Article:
Wednesday, 28 July 2010

Summing it all up?


It's an odd feeling of elation and let down when you finish a cycle tour and reach the destination you've been dreaming of for the past year. We opted to hit the Med at beyond Narbonne instead of Perpignan for a number of reasons, but felt that the 30 mile saving at the med end was more than ofset by the 100 extra miles we'd somehow accumulated over the whole trip. I think it was a harder test than we'd expected, hillier in the north - with roman roads that seemed to go on and up forever, as well as days of getting completely soaked on the Canal du Midi and others when we couldn't physically ride between 1 and 5 as temperatures hit 38c. Some days we flew, and our average of 75 was fine. I'd have to say that touring unsupported - with camping gear - places a hell of a lot more strain on you and the bikes. James and I suffered mechanical problems, which could have been avoided with a bike MOT before the ride. We were lucky to find help from strangers but we could've lost days or come unstuck on a back road at one of the hottest points of the day and that would have been distinctly unfunny.

We got tetchy with each other at times, and sometimes over trivial things but always made up and moved on. It's important to know before the ride that you can be honest with each other. We laughed a lot, and morale wise that's important. Bidon soakings were common and we all enjoyed victories in the 'make rules up as you go along' 'king of the mountains' and 'sprint (or 'burn') competitions. We were all strong and weaker on different days, but remembered the rule that the pace is determined by what everyone is capable of.

Jeff did a brilliant job of mapping our route and offering alternatives along the way. James's pragmatic contributions in this (avoiding detours to Jeffs beloved waterways) were important too. Penny's bursts of 'Men of Harlech' (even though he doesn't actually know the real words) on theCanal du Midi and in the hills spurred us on no end.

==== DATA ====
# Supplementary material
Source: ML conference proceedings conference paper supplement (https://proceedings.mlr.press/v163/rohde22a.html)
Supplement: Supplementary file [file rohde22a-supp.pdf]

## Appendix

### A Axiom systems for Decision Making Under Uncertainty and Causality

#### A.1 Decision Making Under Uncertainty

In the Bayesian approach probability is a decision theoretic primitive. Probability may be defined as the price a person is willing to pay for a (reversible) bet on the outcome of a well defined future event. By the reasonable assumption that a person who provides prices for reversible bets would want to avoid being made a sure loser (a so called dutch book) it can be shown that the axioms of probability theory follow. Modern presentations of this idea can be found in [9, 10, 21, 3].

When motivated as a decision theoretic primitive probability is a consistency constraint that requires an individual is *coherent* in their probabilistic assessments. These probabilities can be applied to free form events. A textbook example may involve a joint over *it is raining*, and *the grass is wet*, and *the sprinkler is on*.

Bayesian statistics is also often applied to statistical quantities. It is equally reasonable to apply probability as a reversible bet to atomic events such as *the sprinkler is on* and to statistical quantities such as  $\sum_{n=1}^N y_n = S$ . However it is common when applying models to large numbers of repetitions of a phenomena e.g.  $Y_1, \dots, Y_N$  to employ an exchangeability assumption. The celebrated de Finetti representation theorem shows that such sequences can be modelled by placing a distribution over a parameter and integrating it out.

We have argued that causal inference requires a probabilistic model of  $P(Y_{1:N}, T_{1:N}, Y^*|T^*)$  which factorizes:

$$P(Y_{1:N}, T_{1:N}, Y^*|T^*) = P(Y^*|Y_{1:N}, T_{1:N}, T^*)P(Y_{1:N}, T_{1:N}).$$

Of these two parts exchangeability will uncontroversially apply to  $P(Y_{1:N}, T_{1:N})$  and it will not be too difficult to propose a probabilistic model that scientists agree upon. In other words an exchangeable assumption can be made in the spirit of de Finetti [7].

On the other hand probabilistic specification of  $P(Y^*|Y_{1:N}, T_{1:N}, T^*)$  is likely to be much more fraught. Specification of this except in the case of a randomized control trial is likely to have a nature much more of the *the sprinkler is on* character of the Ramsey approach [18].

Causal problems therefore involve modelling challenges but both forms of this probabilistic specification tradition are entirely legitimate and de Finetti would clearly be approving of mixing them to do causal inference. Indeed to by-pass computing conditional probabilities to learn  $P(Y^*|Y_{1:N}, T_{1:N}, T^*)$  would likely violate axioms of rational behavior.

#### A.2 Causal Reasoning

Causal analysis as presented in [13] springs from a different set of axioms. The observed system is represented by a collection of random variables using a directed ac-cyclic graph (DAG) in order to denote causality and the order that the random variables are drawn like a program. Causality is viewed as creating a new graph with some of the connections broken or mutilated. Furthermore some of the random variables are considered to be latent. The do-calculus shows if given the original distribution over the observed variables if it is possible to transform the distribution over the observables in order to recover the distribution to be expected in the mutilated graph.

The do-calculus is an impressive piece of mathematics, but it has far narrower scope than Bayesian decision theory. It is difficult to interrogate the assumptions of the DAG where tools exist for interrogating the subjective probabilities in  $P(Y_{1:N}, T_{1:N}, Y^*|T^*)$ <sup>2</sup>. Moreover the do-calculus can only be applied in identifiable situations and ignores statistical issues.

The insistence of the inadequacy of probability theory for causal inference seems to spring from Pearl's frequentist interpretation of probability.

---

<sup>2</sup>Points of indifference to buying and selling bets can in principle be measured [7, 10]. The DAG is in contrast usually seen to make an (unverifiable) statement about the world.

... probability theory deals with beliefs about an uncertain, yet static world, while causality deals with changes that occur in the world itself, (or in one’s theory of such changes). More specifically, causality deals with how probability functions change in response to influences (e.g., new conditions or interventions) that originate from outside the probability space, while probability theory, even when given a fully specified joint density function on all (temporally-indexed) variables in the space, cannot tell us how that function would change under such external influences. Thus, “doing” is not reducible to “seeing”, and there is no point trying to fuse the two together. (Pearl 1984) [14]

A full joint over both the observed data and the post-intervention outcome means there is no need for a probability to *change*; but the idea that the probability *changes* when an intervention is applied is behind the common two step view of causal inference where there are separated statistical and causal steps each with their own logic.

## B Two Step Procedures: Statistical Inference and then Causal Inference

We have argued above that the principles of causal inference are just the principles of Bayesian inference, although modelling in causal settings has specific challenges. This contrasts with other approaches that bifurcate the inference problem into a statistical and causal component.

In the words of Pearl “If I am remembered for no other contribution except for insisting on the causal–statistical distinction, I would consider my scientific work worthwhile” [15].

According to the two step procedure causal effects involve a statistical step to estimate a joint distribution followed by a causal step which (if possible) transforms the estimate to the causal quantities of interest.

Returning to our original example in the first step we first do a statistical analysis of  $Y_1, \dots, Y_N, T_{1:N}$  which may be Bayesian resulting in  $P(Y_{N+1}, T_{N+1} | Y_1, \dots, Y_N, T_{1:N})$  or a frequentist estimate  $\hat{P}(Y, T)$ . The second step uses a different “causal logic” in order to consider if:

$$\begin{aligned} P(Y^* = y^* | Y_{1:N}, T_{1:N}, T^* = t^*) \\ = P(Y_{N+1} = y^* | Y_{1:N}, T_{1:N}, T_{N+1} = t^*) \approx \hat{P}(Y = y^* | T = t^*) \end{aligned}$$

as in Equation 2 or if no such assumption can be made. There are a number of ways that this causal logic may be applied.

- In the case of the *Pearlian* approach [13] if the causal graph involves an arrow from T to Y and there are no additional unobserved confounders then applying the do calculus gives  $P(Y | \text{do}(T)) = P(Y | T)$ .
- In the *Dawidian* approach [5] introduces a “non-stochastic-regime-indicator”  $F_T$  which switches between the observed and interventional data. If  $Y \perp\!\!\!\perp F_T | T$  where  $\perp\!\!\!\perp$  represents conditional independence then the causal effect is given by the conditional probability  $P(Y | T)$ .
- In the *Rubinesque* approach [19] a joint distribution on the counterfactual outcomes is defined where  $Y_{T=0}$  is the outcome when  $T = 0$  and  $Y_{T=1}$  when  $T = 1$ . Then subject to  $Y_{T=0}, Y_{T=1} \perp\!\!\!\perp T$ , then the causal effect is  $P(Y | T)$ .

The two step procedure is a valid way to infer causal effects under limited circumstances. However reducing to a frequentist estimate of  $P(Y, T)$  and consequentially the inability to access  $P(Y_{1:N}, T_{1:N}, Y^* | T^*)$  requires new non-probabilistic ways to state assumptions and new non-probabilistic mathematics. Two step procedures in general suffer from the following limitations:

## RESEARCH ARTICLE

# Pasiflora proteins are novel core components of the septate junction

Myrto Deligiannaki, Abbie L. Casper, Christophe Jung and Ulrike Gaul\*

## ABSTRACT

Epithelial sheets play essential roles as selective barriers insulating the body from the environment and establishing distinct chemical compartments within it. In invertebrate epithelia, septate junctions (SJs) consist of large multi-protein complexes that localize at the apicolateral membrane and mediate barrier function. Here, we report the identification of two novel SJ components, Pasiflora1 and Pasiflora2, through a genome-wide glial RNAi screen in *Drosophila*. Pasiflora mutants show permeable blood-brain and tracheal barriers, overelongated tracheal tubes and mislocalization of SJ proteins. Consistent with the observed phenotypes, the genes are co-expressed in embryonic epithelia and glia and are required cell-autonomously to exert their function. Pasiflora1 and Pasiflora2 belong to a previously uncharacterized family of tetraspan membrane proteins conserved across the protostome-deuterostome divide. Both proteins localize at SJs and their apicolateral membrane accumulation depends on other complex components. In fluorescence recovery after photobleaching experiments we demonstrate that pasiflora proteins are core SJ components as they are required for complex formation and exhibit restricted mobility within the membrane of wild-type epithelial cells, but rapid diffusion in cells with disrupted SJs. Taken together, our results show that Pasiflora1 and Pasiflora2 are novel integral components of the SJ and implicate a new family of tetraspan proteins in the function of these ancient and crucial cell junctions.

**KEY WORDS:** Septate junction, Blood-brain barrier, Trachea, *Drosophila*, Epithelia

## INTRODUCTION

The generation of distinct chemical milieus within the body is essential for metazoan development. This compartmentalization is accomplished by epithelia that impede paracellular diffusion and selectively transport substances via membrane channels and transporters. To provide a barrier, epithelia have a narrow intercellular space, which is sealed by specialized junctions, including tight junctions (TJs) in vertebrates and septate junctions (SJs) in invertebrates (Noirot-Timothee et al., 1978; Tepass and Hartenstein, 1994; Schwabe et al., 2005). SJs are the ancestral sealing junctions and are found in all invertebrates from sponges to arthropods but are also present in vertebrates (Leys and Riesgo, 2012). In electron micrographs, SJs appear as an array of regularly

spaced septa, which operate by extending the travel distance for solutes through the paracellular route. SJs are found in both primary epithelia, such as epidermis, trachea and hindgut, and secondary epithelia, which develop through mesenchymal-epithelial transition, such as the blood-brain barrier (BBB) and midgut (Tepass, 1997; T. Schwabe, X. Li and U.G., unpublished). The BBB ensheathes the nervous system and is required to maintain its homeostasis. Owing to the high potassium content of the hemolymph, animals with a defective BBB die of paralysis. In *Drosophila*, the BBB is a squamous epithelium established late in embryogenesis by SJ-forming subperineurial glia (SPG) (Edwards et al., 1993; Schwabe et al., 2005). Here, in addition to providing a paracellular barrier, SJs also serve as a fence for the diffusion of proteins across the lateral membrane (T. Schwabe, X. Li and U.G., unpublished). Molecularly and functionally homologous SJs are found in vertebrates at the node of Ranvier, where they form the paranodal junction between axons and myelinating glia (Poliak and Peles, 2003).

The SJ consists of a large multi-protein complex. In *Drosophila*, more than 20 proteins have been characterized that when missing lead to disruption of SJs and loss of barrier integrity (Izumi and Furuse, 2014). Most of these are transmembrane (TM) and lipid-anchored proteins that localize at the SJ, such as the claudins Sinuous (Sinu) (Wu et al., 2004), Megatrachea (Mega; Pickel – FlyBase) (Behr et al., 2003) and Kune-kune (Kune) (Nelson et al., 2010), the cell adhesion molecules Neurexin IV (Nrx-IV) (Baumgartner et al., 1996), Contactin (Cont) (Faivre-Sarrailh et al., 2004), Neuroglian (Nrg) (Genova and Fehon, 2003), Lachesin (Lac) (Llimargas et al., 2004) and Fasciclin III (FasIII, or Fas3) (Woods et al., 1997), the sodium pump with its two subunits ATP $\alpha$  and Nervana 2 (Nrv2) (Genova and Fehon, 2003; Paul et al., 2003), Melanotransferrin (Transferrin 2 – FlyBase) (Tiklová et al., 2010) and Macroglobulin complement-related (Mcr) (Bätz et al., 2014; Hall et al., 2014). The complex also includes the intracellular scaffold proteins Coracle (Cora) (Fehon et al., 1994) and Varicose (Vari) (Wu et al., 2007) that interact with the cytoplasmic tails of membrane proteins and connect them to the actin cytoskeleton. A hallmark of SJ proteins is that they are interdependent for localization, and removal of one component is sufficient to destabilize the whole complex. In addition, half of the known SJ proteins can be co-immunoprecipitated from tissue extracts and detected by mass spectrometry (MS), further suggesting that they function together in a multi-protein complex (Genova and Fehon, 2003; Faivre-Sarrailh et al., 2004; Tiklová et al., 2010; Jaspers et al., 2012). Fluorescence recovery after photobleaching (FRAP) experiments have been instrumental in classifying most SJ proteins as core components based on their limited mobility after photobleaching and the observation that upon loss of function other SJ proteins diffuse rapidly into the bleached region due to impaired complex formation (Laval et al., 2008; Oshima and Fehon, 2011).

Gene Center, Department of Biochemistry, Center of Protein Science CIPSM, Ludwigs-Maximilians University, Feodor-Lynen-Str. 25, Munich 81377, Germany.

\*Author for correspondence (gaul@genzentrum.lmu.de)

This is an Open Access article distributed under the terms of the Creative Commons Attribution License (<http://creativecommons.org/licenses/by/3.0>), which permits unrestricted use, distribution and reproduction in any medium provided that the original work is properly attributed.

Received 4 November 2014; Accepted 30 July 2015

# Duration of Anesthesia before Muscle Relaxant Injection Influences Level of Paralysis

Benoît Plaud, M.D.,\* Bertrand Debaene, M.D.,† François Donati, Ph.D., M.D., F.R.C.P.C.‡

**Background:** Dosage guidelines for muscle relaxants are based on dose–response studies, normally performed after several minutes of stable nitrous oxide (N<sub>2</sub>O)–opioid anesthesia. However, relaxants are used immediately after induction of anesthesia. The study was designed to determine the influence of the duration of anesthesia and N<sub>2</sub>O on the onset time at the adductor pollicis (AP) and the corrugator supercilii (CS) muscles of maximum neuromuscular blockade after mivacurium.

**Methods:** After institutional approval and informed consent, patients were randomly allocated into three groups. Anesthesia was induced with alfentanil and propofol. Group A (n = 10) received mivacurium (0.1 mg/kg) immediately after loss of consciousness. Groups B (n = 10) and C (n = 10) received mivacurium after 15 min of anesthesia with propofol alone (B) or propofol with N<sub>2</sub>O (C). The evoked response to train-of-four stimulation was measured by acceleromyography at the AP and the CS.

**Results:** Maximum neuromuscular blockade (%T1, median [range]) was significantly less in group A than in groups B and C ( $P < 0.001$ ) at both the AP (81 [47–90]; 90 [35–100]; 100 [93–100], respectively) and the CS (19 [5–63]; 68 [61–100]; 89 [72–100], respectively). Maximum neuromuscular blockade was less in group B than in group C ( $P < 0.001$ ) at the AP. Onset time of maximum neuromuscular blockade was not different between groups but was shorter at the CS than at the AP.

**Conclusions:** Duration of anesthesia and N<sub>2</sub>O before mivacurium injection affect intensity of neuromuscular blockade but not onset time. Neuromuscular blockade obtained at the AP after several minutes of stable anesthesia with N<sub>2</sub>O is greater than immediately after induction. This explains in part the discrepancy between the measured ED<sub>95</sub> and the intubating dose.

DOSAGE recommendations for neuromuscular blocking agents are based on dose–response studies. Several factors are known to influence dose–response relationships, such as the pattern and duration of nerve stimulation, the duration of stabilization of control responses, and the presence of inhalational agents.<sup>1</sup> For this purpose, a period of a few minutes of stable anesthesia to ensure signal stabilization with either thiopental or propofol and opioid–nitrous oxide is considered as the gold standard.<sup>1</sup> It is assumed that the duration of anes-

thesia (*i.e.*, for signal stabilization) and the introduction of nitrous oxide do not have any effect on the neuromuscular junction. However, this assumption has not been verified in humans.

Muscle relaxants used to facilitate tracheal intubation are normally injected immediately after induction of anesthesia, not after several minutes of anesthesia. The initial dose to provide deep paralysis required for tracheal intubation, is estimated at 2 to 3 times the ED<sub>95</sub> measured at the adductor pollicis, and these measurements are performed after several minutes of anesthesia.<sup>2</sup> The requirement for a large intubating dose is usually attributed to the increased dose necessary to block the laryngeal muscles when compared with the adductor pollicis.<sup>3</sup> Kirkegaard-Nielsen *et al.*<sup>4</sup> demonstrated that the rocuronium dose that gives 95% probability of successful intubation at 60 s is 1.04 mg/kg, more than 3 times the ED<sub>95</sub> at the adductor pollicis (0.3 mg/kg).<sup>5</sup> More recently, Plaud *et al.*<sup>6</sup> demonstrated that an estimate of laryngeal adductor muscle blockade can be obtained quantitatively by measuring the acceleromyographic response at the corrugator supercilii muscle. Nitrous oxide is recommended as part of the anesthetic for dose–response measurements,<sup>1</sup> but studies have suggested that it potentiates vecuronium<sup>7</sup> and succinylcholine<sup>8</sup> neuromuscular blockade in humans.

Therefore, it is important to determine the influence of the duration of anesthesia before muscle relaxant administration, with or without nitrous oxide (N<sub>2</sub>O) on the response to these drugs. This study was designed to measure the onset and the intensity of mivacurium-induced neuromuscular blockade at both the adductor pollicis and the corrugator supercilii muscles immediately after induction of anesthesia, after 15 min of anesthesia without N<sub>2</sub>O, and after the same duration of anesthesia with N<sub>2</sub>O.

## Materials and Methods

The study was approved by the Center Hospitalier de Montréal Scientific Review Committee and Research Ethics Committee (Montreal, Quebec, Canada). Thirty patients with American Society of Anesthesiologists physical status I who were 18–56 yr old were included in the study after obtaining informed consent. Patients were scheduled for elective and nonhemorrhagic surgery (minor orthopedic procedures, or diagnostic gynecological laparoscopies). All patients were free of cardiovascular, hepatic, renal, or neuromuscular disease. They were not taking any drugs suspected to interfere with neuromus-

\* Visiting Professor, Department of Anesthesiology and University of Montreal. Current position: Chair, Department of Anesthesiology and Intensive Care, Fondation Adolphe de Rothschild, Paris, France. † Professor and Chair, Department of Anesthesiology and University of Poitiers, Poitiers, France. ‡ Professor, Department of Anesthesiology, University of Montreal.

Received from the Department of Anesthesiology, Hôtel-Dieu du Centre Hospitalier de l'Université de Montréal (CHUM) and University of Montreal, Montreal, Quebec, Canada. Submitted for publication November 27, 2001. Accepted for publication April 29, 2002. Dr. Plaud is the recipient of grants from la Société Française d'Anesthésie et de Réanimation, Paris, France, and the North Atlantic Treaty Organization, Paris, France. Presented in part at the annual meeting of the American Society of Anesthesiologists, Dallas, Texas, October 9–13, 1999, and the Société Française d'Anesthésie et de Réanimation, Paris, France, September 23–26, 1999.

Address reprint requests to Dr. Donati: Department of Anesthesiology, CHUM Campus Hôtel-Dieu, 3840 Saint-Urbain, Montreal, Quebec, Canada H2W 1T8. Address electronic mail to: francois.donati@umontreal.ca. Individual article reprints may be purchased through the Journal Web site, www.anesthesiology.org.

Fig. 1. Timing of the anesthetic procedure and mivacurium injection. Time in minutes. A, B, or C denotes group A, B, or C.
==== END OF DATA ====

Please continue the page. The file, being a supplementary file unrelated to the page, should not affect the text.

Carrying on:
Both James and Jeff were mindful of the back problems I've had and (with the exception of the day they shoved lager into my bags en route to Lezay) did more than their share in terms of carrying provisions. James did the lions share of the tent packing for me, showing that it is possible to be both Welsh and a decent person.... We faced and overcame - or just cycled very rapidly away from - some terrible enemies. In James's case, he is possibly the only builder alive who doesn't enjoy the sun, and even on our arrival at Grisain, he was confronted with the deadliest of all molluscs, the oyster, when Jeff and Jane treated us to a plate of 'fruits de la mer'.
He just doesn't want to try them OK?

It was incredible to see the landscape changing every day as well as finding new wildlife and vegetation. Giant musk rats weighing up to 10 kilos and water snakes in the canal, flamingos in the marshes of Narbonne and wild deer on the run into Cognac. The vineyards, peach and kiwi groves, palm trees, fig and aloe vera as we got further south all told us we were a long way from Stoke on Trent. Crickets were everywhere and cacaphonous as we rounded the last hills leading to Narbonne, although we never actually saw one.

At the time of writing we've raised contributions of over £650 towards Douglas Macmillan Hospices, which we hope will eventally reach our target of £1500. Thanks to everyone who's sponsored us.

Toulouse - to-home.

Up at 7.00 for petit dejeneur on our own at the HDM, and it's a treat to have cereal, a croissant and milky coffee before we set off. It's five minutes to the station and the process of dismantling and packing the bikes goes smoothly enough.